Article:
I’ve seen the wonder of laughter with such consistency that I search for it in difficult situations. I’ve learned that one of the most important steps in dealing with any disaster, real or imagined, is to see that first spark of humor. As soon as I chuckle I know I will eventually cope, and that I will have at least a few seconds of relief from my troubles.
If You Don’t Do It, Who Will? By Jodi Webb, Pottsville, PA
My mom has always been involved, whether it was the church, the school, the team, or the community. And where my mom volunteered, other family members often followed. I remember her comment whenever I protested about a volunteer activity she recruited me for. “It’s for the church” or “It’s for the school.”
When we were growing up my mom focused most of her energy, and the family’s, on those organizations because they relied on volunteers to survive. My brother ran the sound equipment for the school’s annual Christmas play, my dad made bean soup for the church’s summer festival, I spent a few sweltering days reorganizing the elementary school library at the end of each school year. How could anyone dare to refuse? Each demand was accompanied by that unspoken question, “If you don’t do it, who will?”
For my mother, volunteering was as natural as breathing or cleaning out the closets each spring. If it needed to be done and you were capable of doing it, you did it. I like to think of our volunteering as a family trait, like blue eyes or bossiness (both of which run in the family). My grandmother, my mother, and I were all raised in the same small town populated mostly by coal miners. The residents didn’t have much money, but they always had a willingness to help. When my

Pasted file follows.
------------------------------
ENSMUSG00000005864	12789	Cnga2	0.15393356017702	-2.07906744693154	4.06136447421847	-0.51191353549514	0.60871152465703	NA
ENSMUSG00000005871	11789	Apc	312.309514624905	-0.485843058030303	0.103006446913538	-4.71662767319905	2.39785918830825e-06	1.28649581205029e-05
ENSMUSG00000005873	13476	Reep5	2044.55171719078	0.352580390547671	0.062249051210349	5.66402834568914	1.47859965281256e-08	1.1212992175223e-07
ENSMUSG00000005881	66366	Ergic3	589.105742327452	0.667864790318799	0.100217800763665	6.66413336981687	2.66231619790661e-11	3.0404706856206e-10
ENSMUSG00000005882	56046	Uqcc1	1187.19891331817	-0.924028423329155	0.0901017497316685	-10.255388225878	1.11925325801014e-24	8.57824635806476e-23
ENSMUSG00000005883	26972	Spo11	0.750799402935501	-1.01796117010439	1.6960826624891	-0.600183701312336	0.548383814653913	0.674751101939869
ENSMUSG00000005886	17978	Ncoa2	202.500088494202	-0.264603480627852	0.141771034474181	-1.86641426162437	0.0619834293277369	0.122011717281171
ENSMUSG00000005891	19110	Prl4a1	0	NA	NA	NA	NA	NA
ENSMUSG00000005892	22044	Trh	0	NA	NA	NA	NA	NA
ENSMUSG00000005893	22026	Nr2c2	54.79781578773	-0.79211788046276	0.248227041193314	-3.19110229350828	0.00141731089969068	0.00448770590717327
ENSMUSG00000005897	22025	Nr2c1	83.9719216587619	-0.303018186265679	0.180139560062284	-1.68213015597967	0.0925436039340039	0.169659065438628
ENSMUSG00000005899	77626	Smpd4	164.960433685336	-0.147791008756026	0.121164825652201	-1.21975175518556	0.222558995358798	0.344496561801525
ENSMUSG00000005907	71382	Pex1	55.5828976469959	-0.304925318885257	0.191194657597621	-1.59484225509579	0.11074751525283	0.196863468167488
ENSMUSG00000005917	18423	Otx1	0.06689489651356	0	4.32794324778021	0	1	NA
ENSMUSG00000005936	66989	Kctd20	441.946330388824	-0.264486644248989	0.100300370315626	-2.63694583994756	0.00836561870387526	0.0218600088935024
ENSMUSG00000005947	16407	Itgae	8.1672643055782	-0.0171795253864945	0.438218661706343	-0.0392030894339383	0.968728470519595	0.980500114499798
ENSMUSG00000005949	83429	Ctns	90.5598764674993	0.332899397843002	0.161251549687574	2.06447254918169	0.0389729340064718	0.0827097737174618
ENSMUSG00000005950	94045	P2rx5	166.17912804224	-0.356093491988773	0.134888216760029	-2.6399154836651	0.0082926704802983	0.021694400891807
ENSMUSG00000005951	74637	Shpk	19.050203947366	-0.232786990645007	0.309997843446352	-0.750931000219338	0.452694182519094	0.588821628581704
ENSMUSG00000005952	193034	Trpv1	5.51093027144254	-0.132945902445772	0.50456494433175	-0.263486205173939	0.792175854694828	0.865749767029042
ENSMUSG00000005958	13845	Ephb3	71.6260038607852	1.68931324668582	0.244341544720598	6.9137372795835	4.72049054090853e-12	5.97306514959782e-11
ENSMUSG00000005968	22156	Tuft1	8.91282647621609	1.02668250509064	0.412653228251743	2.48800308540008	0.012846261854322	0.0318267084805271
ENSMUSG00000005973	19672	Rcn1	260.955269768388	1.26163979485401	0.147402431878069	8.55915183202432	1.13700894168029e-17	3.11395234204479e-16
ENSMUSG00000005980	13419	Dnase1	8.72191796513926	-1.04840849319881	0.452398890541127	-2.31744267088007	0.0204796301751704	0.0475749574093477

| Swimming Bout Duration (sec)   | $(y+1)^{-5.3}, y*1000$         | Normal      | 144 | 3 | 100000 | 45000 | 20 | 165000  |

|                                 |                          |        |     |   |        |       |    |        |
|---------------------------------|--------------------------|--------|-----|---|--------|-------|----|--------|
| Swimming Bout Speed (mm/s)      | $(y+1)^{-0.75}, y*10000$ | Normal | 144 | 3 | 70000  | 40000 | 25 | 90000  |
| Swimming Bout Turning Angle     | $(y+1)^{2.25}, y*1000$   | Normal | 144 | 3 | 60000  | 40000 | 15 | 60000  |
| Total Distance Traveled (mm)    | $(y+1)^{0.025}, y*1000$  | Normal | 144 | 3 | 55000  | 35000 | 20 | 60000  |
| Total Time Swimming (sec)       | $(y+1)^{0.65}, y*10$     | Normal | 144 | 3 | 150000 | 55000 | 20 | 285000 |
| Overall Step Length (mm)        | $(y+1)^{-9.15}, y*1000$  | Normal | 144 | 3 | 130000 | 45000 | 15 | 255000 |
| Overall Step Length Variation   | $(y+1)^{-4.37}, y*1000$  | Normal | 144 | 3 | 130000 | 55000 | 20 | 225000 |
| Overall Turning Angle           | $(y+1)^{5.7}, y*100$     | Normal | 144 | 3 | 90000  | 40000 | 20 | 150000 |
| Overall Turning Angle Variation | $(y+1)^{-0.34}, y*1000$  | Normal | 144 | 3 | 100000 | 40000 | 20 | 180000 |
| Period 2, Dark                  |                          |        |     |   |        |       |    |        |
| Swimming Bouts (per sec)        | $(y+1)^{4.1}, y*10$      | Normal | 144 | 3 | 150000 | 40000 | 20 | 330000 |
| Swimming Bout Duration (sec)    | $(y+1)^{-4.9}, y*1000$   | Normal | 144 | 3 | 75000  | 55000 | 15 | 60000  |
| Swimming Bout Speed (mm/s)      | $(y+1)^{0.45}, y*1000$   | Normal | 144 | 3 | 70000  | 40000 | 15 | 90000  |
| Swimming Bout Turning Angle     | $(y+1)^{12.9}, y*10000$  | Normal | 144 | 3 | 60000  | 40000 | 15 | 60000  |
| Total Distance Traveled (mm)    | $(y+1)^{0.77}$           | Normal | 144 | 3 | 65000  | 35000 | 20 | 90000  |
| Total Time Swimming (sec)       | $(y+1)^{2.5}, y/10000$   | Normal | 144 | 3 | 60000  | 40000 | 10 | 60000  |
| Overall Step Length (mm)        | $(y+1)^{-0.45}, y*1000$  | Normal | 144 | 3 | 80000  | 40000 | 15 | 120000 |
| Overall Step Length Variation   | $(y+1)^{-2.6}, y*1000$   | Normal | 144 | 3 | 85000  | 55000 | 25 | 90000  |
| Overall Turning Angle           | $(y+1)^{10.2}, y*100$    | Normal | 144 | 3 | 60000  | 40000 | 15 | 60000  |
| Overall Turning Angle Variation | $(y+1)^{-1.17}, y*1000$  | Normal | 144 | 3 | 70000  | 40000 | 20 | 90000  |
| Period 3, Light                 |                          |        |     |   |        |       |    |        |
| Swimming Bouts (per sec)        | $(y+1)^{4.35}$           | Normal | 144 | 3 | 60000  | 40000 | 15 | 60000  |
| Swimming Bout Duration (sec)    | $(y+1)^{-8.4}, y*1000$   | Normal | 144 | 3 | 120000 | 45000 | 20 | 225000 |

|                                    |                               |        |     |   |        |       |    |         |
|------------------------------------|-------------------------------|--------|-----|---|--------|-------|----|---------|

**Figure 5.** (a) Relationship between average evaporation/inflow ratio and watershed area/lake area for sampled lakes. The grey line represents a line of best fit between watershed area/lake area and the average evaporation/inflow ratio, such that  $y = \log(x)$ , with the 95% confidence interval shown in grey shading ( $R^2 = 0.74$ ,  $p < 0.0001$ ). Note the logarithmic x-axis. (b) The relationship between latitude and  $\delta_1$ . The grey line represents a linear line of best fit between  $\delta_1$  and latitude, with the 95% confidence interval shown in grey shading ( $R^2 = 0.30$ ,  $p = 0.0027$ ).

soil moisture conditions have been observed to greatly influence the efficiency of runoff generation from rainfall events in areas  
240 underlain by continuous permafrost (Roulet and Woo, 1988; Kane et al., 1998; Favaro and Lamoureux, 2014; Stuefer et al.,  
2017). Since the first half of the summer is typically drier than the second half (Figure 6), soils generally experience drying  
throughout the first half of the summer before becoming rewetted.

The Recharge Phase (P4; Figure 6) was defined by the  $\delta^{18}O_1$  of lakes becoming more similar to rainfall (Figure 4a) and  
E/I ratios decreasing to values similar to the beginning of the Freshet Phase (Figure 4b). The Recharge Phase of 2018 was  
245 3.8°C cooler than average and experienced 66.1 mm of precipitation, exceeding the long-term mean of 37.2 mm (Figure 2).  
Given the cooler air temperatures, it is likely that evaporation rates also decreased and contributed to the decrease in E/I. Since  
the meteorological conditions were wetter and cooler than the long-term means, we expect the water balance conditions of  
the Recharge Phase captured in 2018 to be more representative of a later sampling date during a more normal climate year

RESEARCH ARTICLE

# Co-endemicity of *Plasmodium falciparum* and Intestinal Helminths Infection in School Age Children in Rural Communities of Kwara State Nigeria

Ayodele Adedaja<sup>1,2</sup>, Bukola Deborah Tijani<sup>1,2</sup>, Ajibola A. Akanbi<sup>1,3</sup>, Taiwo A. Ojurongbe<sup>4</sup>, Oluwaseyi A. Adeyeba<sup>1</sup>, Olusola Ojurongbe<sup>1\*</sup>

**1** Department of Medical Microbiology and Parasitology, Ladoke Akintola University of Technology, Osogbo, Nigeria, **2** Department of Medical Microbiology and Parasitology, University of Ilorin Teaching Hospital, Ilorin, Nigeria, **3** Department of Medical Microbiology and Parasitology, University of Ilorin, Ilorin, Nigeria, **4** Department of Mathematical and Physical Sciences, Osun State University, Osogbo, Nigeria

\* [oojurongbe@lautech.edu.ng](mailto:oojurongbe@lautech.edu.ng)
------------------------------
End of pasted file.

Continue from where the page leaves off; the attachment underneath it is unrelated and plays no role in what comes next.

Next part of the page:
grandparents were young, the town didn’t have a church, so the miners, after spending twelve hours a day underground, built one. It’s just our nature in this town.
Now as an adult and mother of three children, I have raised my hand at more meetings than I care to count, because that unspoken truth was echoing inside me. As a Girl Scout leader, I spent my Thursday evenings with sixteen
energetic Brownies. As a lunchtime recruiter, I begged dozens of parents to become cafeteria helpers. I baked dozens of cookies to raise money for the school
gardening club. If I didn’t do it, who would?
That little question has also encouraged me to take action in other aspects of my life when I would have preferred to just stay in bed. If I don’t slosh through the rain puddles to vote out an ineffective politician, who will? If I don’t protect my health by cutting fat, adding calcium, and exercising, who will? If I don’t turn off TV programs that are inappropriate for my children, who will?
Sometimes the responsibility that comes with that question seems overwhelming. Responsibility for yourself, your family, your community, your government, your environment. How freeing it would be to turn the obligations of life over to that anonymous group we all love to rely on: “them.” Let “them” worry about endangered whales. Let “them” pick up roadside trash. Let “them” serve on the school board. Let “them” collect tickets at a fund-raiser. But that isn’t what my mother taught me. I could do it. I believe I should do it.